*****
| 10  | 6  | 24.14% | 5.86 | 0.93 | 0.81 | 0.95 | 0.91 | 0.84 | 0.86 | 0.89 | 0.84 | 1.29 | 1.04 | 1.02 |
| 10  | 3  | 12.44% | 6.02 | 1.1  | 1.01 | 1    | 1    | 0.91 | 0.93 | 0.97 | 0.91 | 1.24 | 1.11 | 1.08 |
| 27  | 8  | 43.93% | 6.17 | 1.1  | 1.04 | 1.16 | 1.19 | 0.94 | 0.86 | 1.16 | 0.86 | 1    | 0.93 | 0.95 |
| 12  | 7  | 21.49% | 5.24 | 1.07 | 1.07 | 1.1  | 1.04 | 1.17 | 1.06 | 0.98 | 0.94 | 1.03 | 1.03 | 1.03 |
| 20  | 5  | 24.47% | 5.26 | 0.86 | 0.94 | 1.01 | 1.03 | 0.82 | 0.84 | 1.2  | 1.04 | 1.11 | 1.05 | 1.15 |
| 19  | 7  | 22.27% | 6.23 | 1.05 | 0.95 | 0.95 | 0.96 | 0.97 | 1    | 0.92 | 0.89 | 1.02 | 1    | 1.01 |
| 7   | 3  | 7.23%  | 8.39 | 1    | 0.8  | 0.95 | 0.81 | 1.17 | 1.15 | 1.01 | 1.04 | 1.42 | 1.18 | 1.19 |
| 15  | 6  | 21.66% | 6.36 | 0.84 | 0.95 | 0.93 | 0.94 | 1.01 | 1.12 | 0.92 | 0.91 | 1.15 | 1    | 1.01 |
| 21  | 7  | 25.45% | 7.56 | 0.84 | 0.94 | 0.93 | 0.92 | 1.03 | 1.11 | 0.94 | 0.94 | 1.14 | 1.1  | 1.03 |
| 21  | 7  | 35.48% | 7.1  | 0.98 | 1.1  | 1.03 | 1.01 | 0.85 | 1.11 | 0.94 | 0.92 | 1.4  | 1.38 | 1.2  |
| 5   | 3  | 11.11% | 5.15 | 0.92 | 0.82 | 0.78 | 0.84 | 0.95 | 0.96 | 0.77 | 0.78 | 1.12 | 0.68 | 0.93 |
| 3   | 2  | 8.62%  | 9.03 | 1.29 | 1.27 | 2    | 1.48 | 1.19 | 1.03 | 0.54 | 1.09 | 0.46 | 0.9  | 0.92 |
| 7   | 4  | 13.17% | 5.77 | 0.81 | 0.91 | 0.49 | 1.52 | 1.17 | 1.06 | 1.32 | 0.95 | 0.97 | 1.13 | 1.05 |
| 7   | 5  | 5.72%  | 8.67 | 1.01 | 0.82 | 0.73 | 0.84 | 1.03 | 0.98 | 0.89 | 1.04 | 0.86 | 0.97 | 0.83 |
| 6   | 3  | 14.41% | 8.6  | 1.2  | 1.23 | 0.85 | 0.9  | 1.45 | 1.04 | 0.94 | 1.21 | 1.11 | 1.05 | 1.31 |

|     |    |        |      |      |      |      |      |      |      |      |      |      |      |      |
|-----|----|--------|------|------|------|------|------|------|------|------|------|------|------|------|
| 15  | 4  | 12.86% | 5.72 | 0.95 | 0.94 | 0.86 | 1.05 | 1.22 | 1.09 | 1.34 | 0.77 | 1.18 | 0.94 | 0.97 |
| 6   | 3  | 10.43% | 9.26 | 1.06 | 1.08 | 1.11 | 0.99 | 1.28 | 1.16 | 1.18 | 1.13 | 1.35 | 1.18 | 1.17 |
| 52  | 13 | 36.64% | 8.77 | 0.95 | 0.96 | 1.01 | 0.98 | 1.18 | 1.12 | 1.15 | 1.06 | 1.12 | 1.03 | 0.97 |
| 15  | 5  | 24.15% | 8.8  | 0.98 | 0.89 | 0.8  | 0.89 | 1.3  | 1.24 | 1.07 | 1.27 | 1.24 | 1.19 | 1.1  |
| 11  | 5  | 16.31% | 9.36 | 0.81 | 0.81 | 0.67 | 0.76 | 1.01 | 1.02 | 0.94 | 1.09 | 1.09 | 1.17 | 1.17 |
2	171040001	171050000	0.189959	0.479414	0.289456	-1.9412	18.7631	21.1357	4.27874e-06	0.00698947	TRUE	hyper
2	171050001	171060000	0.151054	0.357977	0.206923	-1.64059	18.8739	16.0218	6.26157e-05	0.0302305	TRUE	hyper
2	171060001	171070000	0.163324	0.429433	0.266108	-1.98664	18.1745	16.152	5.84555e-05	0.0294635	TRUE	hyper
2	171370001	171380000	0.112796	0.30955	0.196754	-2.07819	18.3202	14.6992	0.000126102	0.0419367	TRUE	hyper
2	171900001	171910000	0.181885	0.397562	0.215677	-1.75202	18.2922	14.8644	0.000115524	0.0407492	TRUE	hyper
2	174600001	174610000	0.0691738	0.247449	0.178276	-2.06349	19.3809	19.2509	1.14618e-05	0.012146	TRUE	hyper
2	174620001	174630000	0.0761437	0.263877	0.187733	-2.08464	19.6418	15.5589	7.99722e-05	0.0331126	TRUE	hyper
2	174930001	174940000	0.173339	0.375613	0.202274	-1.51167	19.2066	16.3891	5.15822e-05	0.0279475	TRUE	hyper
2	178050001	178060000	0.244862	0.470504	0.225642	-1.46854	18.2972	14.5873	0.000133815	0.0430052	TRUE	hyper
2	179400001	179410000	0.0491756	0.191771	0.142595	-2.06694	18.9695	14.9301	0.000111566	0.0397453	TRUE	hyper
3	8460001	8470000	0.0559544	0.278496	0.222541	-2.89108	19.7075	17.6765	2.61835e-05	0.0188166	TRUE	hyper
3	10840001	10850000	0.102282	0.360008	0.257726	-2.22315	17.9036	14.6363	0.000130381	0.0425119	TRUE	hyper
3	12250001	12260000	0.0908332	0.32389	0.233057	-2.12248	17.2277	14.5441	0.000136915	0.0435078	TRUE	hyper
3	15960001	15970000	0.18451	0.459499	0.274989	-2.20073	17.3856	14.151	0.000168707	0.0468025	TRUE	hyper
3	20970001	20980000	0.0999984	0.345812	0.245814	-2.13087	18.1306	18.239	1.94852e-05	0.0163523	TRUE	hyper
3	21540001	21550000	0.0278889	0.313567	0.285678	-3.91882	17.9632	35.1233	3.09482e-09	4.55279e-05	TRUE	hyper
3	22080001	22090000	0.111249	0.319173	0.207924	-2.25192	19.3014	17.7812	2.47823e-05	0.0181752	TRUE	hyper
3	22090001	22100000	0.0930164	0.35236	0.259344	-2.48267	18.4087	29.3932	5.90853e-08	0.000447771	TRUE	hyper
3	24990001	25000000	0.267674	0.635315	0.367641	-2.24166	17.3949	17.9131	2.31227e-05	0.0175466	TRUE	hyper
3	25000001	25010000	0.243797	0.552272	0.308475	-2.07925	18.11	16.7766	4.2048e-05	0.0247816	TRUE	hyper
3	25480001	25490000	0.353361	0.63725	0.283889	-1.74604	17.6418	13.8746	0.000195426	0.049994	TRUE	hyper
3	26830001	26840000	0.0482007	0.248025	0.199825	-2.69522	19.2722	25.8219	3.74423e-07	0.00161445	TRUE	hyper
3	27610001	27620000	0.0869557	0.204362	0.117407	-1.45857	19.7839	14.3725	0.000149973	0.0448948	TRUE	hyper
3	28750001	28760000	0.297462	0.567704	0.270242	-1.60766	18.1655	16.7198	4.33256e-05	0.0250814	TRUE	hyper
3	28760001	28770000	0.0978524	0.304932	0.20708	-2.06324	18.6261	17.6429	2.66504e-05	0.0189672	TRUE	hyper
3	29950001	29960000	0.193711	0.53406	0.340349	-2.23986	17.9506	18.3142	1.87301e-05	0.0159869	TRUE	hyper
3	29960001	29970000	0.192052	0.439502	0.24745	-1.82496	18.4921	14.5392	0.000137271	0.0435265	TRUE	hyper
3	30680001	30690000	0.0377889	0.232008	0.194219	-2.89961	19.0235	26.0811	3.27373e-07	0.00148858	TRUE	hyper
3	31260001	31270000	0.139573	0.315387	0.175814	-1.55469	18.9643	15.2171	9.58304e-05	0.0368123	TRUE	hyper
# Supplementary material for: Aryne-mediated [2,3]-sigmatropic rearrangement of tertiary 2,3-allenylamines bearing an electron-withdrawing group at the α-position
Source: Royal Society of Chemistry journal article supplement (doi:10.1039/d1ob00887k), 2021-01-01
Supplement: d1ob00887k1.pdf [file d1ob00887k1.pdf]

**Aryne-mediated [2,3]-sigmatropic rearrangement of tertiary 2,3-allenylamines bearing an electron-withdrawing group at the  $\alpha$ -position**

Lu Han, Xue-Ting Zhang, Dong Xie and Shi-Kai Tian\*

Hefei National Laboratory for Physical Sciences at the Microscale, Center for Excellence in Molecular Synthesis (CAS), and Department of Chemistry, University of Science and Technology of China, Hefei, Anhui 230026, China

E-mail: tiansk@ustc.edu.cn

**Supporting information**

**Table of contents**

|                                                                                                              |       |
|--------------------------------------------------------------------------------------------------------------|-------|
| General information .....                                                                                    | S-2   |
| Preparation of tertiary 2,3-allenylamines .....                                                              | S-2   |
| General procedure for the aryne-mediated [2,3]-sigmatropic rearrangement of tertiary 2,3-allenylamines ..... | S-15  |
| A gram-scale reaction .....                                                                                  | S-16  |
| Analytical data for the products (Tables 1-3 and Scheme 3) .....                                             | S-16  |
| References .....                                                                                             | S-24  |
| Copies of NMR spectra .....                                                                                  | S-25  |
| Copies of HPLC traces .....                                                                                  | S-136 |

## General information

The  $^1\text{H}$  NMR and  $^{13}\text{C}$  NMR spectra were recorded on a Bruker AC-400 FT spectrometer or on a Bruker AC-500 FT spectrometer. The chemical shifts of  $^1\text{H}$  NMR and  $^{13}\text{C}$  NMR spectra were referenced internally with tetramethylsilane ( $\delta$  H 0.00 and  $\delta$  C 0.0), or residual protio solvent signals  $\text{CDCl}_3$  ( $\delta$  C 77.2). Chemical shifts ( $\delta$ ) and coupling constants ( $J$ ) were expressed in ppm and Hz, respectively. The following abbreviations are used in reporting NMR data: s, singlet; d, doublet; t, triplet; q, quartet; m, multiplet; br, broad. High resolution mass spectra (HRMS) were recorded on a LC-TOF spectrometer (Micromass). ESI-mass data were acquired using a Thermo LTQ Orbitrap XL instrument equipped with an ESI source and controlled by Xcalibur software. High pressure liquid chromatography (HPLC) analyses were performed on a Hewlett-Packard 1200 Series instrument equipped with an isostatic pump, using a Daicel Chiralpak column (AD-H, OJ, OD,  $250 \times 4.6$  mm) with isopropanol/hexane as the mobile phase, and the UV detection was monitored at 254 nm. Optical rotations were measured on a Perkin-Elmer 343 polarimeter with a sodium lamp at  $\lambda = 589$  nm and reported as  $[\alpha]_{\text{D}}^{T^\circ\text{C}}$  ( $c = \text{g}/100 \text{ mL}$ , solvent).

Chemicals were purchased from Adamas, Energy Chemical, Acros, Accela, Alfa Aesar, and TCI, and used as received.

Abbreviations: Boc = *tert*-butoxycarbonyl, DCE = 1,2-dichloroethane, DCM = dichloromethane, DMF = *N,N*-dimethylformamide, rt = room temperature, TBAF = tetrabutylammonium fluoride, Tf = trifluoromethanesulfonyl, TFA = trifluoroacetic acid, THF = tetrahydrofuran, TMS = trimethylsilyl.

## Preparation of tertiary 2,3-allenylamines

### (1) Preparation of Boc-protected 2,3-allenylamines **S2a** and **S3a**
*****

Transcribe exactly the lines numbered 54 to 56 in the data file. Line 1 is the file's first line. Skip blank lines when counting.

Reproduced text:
Supplement: d1ob00887k1.pdf [file d1ob00887k1.pdf]

**Aryne-mediated [2,3]-sigmatropic rearrangement of tertiary 2,3-allenylamines bearing an electron-withdrawing group at the  $\alpha$ -position**

Lu Han, Xue-Ting Zhang, Dong Xie and Shi-Kai Tian\*